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Published February 1962 | Published
Journal Article Open

Nucleosynthesis during the Early History of the Solar System


Abundances in terrestrial and meteoritic matter indicate that the synthesis of D^2, Li^6, Li^7, Be^9, B^(10) and B^(11) and possibly C^(13) and N^(15) occurred during an intermediate stage in the early history of the solar system. In this intermediate stage, the planetary material had become largely separated, but not completely, from the hydrogen which was the main constituent of primitive solar material. Appropriate physical conditions were satisfied by solid planetesimals of dimensions from 1 to 50 metres consisting of silicates and oxides of the metals embedded in an icy matrix. The synthesis occurred through spallation and neutron reactions simultaneously induced in the outer layers of the planetesimals by the bombardment of high energy charged particles, mostly protons, accelerated in magnetic flares at the surface of the condensing Sun. The total particle energy was approximately 10^(45) ergs while the average energy was close to 500 MeV per nucleon. Recent studies of the abundance of lithium in young T Tauri stars serve as the primary astronomical evidence for this point of view. The observed abundances of lithium and beryllium in the surface of the Sun are discussed in terms of the astronomical and nuclear considerations brought forward. The isotope ratios D^2/H^1 = 1.5 × 10^(−4), Li^6/L^i7 = 0.08, and B^(10)/B^(11) = 0.23 are the basic data leading to the requirement that 10 per cent of terrestrial-meteoritic material was irradiated with a thermal neutron flux of 10^7 n/cm^2 s for an interval of 10^7 years. The importance of the (n, α) reactions on Li^6 and B^(10) is indicated by the relatively low abundances of these two nuclei. It is shown that the neutron flux was sufficient to produce the radioactive Pd^(107) and I^(129) necessary to account for the radiogenic Ag^(107) and Xe^(129) anomalies recently observed in meteorites. The short time interval, ∼ 6 × 10^7 years, required for the radioactive decays to be effective applies to the interval between the end of nucleosynthesis in the solar system and the termination of fractionation processes in the parent bodies of the meteorites. It is not necessary to postulate a short time interval between the last event of galactic nucleosynthesis and the formation of large, solid bodies in the solar nebula.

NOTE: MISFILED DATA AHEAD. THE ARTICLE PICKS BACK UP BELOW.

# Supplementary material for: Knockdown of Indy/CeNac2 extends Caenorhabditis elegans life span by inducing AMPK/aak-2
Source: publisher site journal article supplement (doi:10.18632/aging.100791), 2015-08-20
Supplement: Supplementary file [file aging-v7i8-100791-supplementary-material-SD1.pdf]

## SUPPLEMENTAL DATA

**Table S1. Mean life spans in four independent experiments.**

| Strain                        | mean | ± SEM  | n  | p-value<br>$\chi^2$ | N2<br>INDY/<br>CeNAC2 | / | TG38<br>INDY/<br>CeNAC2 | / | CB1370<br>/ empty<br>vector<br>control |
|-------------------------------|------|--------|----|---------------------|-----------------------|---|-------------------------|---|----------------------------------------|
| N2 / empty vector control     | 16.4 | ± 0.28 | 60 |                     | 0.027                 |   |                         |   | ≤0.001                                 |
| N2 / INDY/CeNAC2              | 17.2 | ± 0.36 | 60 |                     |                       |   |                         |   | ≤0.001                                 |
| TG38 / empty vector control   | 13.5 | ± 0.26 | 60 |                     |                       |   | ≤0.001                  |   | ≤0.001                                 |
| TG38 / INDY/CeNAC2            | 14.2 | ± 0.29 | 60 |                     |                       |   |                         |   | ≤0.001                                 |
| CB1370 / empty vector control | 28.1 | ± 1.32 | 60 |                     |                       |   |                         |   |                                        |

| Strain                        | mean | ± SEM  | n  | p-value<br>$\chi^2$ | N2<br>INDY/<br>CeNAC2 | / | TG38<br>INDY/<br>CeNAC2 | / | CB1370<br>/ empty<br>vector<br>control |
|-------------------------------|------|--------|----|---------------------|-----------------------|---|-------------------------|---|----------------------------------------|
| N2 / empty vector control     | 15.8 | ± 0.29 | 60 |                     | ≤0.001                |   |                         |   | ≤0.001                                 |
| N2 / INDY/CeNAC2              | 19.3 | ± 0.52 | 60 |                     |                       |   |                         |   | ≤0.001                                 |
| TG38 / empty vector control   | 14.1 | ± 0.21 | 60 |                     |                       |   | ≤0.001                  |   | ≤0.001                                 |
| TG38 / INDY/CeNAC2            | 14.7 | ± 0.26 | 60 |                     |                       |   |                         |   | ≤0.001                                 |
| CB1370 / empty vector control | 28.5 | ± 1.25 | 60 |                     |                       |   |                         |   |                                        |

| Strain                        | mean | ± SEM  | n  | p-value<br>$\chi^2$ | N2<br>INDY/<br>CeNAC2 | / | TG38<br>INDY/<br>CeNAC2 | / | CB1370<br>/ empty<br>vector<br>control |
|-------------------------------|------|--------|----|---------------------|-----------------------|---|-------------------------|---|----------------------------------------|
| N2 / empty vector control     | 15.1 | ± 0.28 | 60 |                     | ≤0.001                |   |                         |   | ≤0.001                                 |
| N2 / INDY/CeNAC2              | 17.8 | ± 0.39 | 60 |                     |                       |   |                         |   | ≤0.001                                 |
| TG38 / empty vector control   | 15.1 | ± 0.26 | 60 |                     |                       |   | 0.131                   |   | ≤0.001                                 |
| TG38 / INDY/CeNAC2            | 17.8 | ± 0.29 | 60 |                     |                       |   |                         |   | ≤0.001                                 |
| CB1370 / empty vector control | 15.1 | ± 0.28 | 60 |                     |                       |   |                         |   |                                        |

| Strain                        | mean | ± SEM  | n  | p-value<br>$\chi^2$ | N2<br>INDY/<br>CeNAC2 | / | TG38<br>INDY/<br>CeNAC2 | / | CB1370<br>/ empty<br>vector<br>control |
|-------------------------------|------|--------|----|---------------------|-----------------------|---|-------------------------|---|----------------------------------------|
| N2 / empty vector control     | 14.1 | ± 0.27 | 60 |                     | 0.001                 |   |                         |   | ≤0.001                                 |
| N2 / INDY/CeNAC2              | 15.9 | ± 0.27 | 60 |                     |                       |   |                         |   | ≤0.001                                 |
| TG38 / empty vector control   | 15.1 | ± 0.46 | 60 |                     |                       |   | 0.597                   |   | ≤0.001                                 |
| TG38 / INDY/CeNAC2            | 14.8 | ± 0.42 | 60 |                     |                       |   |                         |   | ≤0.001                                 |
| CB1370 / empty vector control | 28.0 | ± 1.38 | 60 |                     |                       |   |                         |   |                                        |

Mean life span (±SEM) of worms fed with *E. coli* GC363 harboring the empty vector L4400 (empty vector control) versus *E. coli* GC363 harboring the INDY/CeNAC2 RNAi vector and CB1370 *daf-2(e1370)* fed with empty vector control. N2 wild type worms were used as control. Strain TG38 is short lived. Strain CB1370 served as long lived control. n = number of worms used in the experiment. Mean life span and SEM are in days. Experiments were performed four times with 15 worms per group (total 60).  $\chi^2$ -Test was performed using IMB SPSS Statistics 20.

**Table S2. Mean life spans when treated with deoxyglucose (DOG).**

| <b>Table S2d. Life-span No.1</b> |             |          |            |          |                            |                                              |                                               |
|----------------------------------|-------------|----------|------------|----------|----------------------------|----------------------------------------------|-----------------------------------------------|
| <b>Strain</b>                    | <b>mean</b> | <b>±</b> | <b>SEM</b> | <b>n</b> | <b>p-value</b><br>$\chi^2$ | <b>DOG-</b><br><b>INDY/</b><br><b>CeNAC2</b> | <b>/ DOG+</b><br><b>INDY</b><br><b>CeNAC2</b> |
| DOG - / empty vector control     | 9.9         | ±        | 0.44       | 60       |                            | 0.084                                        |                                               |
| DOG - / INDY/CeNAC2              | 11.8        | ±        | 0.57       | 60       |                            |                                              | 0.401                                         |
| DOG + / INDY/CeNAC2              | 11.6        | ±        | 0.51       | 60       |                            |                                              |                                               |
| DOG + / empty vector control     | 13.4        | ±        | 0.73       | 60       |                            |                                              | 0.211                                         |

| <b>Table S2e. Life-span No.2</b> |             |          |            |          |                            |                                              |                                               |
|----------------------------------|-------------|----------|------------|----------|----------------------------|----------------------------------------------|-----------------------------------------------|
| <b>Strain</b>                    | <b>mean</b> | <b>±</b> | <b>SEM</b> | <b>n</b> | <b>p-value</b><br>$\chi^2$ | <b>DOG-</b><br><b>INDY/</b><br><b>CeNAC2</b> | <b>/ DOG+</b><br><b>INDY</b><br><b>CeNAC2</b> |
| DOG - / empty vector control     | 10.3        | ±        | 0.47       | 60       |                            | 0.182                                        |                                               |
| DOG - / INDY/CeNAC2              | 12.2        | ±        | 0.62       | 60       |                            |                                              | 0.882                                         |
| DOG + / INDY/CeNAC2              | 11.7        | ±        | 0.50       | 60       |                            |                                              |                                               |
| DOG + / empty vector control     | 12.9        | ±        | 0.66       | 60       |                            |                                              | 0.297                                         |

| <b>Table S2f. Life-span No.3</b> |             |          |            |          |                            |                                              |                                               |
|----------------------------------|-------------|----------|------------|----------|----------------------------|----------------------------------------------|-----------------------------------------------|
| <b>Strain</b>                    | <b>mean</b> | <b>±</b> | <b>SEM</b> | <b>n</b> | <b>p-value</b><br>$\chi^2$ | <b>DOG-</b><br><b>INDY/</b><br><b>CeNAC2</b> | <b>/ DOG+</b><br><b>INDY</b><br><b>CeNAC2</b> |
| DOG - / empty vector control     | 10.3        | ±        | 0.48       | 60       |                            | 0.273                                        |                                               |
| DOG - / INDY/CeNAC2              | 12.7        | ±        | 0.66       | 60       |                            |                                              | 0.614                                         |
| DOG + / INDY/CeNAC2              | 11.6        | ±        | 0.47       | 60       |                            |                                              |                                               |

Additional Information

Copyright © 1962 The Royal Astronomical Society. (Received 1961 April 17) Our indebtedness to Harold C. Urey has already been acknowledged in the introduction. We also wish to acknowledge discussions and/or correspondence on subjects related to this paper with Edward Anders, Stanley Bashkin, Harrison S. Brown, Norman R. Davidson, Samuel Epstein, Gerhart Friedlander, Norman H. Horowitz, Charles C. Lauritsen, V. Rama Murthy, Arthur M. Poskanzer, John H. Reynolds, Oliver A. Schaeffer and Gerry J. Wasserburg. The research which serves as the basis of this paper has been assisted in part by the Joint Programme of the Office of Naval Research and the U.S. Atomic Energy Commission and in part by the Air Force Office of Scientific Research of the Air Research and Development Command.

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Published - Geophys._J._Int.-1962-Fowler-148-220.pdf


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August 19, 2023
October 18, 2023